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Transcript: Children and Asthma -- Southern California: USC/UCLA Children's Center 3

TIME: 3:35

DR. PHILIP LANDRIGAN: We know on the basis of very careful studies that pollutants in the air, in the ambient air, can cause asthma. We know that ozone, oxides of  nitrogen, fine particulates, all contribute to asthma.

DR. JOHN PETERS:  "Smog" is a word that combines smoke and fog, originally and was recognized shortly after the public transportation system in Southern California was dismantled, and large number of cars began to occupy the roads.
Smog consists of particles and gases, and the main ones that we measure and worry about are ozone as a gas, nitrogen dioxide as a gas, and particles from wearing-out tires, smoke coming out of stacks, tailpipe emissions, pollens.
There are hundreds of things in the smoggy air in Southern California.

DR. ROB MCCONNELL:  The Children’s Health Study is a 10-year study of children, following them from fourth grade through the end of high school.
We are looking at children in 12 different communities inside and outside the air basin for Los Angeles, the large pool of air that we’re all exposed to here.
There are a variety of reasons to look at children as a study population for air pollution. They are less likely to be smoking; they are less likely to be in a job where they might be exposed to some chemical that might be harmful for their lungs.

PETERS:  Children are outdoors more, so they’re exercising, so they’re breathing heavily and taking in more pollution.

MCCONNELL:  Children’s lungs are still growing and they are growing fairly rapidly. Those lungs may be more susceptible to the effect of air pollution.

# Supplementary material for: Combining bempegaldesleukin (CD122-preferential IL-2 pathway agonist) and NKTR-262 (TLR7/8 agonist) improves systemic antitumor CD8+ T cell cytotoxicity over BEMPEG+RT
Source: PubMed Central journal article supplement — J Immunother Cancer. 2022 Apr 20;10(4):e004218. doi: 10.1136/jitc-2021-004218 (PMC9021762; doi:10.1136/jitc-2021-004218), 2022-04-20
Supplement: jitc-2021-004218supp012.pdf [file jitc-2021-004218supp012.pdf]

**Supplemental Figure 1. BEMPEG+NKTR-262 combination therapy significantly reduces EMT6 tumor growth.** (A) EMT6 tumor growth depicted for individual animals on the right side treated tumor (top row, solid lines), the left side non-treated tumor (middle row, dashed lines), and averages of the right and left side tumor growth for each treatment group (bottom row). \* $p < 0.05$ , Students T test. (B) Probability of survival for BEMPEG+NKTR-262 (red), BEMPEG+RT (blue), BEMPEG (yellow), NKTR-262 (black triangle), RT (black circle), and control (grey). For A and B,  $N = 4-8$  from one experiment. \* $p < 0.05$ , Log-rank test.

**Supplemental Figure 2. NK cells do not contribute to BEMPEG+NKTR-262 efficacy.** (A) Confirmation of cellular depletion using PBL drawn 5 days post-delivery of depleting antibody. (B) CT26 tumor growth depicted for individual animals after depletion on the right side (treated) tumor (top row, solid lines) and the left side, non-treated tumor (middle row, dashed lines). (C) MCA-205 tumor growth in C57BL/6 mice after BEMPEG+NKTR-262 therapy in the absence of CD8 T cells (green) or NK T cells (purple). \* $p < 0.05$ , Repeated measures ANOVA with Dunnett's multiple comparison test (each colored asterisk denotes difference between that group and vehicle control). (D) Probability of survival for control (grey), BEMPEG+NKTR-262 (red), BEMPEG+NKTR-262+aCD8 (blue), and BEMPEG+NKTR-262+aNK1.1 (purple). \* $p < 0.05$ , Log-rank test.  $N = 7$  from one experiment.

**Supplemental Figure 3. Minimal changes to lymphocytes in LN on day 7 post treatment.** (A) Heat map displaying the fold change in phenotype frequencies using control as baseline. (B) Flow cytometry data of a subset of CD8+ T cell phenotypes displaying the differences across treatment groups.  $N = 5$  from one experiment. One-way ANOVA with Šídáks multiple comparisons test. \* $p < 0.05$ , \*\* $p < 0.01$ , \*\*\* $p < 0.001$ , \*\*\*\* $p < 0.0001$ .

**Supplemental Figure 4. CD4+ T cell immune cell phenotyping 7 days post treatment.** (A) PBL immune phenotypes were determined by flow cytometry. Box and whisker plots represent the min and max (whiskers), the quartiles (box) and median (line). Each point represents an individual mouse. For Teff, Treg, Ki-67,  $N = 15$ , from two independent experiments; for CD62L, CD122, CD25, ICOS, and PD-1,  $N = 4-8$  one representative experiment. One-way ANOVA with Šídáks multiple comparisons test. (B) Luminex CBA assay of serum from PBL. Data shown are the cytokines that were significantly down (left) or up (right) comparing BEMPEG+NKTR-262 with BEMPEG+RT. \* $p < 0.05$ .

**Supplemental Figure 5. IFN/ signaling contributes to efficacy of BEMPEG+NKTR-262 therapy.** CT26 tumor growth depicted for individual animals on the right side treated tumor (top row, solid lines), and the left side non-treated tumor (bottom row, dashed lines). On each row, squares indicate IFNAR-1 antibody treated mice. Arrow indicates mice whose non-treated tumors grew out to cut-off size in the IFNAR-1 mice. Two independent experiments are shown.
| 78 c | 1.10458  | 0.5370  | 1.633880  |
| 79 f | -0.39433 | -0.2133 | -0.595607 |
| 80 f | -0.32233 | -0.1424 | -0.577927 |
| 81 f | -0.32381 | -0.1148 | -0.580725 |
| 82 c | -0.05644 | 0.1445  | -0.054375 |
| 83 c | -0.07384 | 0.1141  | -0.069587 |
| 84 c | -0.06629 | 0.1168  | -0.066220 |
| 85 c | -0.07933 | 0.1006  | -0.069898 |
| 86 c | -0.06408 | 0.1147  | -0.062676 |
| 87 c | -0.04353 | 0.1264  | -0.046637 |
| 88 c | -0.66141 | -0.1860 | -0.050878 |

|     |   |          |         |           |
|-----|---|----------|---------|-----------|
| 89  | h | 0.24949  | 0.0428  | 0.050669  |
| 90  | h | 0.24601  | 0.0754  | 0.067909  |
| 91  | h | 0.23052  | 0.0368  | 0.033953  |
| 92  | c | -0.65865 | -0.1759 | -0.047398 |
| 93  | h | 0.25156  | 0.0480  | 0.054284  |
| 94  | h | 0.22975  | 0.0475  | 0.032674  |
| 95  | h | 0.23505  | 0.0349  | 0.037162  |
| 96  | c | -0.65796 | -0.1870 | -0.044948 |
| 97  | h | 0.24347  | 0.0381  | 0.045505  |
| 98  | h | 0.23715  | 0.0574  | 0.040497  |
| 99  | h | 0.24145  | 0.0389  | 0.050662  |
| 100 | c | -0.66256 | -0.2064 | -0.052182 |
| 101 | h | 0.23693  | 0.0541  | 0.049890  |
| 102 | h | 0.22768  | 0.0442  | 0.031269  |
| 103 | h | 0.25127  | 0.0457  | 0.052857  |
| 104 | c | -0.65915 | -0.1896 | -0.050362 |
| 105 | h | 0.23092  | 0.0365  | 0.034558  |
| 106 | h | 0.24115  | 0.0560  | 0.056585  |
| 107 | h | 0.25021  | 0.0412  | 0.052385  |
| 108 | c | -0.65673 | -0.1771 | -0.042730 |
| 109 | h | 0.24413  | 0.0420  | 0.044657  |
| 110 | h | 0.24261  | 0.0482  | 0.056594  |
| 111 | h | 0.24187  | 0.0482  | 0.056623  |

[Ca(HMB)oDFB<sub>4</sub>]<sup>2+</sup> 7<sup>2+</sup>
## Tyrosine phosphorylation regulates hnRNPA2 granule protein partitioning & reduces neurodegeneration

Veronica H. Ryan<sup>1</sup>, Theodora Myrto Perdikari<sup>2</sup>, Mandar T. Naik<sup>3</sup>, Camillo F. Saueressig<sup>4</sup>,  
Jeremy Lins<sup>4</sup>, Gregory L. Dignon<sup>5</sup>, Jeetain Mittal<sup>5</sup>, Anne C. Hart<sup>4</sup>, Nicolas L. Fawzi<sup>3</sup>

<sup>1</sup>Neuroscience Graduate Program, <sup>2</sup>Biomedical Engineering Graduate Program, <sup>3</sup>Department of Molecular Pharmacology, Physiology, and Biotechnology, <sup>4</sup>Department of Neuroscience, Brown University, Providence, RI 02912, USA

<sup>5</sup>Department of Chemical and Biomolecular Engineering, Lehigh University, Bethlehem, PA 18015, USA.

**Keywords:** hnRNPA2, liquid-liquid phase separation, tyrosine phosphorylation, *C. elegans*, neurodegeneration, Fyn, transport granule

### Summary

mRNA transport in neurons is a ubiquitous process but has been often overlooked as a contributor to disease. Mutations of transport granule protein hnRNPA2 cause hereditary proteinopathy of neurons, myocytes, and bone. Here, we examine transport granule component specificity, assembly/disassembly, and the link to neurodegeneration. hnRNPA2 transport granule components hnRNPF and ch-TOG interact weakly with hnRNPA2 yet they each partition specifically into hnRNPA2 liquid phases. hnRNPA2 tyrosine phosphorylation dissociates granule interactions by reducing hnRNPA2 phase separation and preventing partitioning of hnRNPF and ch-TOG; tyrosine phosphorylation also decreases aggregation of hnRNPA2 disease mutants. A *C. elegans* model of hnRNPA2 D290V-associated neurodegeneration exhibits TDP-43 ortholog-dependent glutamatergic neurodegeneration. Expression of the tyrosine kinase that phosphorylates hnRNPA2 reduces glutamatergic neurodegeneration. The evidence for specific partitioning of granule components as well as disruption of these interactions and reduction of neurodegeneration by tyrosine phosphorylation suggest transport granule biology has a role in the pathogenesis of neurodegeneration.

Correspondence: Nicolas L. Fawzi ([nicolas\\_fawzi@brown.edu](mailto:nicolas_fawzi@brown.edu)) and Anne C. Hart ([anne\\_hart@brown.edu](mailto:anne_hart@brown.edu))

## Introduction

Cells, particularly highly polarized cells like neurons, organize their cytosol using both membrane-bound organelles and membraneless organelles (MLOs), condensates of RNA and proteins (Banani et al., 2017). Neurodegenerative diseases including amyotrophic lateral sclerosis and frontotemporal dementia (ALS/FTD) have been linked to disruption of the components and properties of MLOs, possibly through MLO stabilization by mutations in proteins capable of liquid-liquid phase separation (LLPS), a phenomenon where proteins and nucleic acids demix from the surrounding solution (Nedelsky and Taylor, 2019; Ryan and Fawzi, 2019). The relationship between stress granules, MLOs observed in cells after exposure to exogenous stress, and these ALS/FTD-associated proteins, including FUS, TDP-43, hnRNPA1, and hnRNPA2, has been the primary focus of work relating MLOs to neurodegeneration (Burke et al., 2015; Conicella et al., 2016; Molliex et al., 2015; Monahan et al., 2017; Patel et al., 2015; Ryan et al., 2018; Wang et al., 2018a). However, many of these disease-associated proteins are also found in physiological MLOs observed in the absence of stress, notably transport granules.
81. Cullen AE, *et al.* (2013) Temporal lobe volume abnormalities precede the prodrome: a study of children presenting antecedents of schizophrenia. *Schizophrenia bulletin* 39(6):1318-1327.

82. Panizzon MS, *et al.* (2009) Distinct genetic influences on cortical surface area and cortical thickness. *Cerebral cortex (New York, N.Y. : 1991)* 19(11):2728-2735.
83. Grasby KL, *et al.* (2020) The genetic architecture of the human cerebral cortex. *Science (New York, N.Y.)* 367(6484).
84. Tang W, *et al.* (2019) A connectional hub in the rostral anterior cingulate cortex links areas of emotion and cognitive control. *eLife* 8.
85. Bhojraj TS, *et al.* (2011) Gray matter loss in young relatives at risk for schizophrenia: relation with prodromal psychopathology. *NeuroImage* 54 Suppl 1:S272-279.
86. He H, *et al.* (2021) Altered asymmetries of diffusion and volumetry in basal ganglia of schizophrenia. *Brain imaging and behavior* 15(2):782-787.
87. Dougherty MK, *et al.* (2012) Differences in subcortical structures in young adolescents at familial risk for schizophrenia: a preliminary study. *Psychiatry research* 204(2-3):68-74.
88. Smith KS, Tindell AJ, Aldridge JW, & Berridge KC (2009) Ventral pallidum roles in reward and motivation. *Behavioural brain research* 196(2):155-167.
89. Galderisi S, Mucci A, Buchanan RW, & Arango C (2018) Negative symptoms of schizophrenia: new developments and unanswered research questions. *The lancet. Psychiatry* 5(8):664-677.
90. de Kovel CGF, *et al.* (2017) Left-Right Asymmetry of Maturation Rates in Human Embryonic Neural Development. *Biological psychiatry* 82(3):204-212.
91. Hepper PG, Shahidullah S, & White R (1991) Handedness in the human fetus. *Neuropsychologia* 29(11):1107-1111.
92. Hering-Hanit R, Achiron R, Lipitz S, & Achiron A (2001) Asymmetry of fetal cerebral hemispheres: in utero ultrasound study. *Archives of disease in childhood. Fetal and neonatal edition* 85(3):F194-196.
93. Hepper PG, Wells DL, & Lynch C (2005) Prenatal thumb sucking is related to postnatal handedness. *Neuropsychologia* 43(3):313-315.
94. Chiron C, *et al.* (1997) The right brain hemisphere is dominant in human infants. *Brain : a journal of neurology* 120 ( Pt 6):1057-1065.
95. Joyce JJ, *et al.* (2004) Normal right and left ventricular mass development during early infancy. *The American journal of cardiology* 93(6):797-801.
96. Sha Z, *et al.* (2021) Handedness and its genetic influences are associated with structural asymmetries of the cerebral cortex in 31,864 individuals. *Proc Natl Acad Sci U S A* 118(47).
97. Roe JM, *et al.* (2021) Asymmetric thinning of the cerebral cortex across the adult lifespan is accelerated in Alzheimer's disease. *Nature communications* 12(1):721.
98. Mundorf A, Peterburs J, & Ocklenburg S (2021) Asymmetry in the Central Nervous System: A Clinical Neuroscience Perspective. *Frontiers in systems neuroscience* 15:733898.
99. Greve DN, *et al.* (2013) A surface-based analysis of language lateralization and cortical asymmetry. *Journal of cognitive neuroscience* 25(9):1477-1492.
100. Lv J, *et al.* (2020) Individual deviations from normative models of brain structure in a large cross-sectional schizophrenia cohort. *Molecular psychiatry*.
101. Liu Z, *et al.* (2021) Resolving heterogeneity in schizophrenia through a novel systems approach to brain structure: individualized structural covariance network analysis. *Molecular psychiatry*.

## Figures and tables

Almost 6,000 children total who are participating or have participated in the study, and we found that, in the communities with higher levels of particles and higher levels of nitrogen dioxide, that the children’s lungs grew more slowly.
They grew about 10 percent slower in the dirtier communities than in the cleaner communities.

PETERS:  If we divided the population into asthmatics and nonasthmatics, we saw a clear relationship in the asthmatics that the more particles or the more NO2 that the asthmatics were exposed to, the higher the rates of chronic cough and phlegm.

MCCONNELL:  Children who played three or more team sports, they were three to four times more likely to develop asthma if they lived in a high-ozone community than children who played no team sports.
It’d be unfortunate if people went away from this study thinking that children shouldn’t exercise, because in terms of weighing the risks, there is no question but that there are so many benefits to exercise that when there are high levels of air pollution, we can restrict children’s outside activity.
Most air pollution in Southern California is caused by moving vehicles.
Diesel differs from gasoline in that it’s a more complex mixture of fuel, and in general it’s a dirtier fuel than gasoline. When diesel burns, it creates large quantities of nitrogen dioxide. It also creates large quantities of particles.
If we want to reduce exposure to air pollution, then we need better mileage standards, and we need to reduce people’s reliance on automobiles, encouraging better mass transit.

TITLE:  kqed.org/baywindow – More on the causes of asthma

DR. RICHARD JACKSON:  Outdoor air pollution is bad for people with asthma. During the Olympic Games in Atlanta in 1996, everyone was asked to take public transport. And we did.
And the city was twice the population, it was filled with people, very few cars in the streets -- air pollution levels dropped dramatically.
And during that same period of time, despite the doubling in population, we had 40 percent less people visiting emergency rooms and seeking care for their asthma.
©  Light-Saraf Films 2002

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